Child Poverty In The U.S. Could Be Slashed By Monthly Payments To Parents

Child poverty in the U.S. could be slashed by monthly payments to parents – an idea proved in other rich countries and proposed by a prominent Republican decades ago

President Richard M. Nixon

Richard Nixon fumbled his attempt to secure benefits for American kids. 

Joya Misra, University of Massachusetts Amherst

Which former president pitched a Family Assistance Plan to the American people that would have provided many families with children a monthly stipend?

It may surprise you that it came in 1969 from Richard Nixon, a Republican who embraced cultural conservativism.

The House of Representatives twice passed his unprecedented plan to strengthen the safety net before it stalled in the Senate. Fifty years later, Congress and the nation are again debating a major boost in government support for families with children.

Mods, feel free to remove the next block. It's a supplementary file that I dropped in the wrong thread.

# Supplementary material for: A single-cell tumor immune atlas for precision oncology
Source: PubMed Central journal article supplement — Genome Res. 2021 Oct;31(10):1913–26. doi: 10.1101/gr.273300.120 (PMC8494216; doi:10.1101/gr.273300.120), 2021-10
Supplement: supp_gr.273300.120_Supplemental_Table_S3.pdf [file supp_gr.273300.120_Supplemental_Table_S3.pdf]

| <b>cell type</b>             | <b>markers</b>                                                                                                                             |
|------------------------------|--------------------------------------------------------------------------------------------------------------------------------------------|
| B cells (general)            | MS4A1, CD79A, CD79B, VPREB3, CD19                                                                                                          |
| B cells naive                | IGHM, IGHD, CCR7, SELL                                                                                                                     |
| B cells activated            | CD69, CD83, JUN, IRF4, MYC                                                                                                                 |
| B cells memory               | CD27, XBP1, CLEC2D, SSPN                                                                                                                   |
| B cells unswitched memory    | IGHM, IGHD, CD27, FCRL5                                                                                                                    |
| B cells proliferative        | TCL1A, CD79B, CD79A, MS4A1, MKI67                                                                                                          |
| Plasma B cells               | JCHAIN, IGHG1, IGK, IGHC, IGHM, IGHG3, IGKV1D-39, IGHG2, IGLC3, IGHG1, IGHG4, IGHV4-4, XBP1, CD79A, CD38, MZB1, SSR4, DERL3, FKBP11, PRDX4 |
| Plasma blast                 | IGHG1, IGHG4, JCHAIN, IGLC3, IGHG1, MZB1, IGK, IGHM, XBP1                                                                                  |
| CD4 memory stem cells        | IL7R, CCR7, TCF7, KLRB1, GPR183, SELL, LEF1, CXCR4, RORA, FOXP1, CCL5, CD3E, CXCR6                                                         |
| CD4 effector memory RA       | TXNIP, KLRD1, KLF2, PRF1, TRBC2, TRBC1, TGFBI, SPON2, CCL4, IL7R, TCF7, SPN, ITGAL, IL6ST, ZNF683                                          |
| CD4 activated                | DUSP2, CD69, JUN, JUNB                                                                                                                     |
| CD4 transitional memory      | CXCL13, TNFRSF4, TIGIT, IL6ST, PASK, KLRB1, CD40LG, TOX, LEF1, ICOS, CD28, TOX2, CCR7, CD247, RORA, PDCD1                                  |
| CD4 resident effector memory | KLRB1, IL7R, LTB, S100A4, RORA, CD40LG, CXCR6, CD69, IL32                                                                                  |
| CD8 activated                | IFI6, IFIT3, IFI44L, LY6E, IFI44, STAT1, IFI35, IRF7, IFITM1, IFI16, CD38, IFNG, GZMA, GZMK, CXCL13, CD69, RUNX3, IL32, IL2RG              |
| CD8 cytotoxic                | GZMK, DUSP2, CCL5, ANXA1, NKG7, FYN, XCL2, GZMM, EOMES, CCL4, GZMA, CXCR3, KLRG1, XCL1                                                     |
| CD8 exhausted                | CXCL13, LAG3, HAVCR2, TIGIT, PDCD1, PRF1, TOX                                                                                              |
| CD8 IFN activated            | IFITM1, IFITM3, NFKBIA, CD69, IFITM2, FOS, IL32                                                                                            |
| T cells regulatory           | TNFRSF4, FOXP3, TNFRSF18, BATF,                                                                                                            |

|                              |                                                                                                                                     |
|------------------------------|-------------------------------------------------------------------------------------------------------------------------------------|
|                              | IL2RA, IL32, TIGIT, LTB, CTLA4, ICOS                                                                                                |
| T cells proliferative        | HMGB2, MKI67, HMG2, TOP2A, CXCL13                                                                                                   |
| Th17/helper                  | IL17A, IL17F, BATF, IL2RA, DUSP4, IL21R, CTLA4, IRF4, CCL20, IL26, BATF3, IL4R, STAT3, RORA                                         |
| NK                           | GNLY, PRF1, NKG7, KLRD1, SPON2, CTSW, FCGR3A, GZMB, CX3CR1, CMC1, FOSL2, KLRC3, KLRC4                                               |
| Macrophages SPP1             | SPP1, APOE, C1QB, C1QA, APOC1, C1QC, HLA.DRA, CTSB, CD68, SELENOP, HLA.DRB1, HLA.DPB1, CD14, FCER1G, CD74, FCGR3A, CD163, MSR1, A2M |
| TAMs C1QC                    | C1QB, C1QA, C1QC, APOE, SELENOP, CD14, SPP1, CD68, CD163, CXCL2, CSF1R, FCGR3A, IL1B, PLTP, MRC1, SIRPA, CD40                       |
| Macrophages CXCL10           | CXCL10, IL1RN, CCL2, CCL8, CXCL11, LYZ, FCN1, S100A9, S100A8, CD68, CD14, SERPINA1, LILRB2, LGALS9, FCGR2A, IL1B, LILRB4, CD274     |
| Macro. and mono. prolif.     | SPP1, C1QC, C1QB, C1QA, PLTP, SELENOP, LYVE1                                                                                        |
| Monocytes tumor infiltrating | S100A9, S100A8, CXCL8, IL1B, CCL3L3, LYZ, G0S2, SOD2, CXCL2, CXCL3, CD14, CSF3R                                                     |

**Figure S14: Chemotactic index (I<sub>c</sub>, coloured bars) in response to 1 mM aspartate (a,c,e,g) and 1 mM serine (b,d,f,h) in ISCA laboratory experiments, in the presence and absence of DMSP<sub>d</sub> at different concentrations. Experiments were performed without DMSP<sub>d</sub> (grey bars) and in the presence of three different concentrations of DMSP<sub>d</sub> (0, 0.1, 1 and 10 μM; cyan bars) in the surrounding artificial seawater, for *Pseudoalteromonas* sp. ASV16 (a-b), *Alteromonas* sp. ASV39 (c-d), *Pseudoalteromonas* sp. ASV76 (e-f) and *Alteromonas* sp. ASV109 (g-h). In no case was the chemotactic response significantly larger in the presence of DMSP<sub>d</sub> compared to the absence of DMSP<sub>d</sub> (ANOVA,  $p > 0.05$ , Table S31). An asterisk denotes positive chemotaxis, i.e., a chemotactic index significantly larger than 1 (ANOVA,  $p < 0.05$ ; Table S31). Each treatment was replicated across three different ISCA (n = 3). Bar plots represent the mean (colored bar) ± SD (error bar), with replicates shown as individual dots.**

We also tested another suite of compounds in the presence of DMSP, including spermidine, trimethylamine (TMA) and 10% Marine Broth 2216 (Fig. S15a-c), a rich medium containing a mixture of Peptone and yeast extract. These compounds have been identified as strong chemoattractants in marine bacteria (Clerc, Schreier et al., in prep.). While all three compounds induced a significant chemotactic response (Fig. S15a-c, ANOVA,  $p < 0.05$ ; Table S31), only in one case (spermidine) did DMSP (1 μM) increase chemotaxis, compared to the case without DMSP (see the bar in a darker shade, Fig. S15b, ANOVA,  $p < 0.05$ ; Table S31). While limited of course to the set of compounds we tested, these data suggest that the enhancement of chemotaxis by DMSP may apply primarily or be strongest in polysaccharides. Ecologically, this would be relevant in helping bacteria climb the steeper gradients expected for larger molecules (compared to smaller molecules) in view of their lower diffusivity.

As a scholar who studies poverty and inequality, I have been contemplating that chapter in U.S. history while following recent proposals from President Joe Biden and other Democrats, and Sen. Mitt Romney – a Republican – to help cover the costs of raising children.

While the success of one of these measures or something similar is not assured, I believe that, thanks to the pandemic, there’s a good a chance the United States will finally begin building the foundation that Nixon called for and that families still need.

An outlier

The U.S. has long been an outlier in its lack of support for families with children.

That helps explain why child poverty in the U.S. is comparable to that in Mexico and Chile, and far higher than child poverty in other wealthy countries. Some 18% of U.S. children live in poverty, far above the 12% average for the 37 wealthy and middle-income countries that belong to the Organization for Economic Development and Cooperation.

One reason most industrialized countries have lower child poverty rates is that they make monthly payments to families with children. These payments are standard in Europe and have been since around World War II.

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Disclosure: This article is republished from The Conversation under a Creative Commons license.

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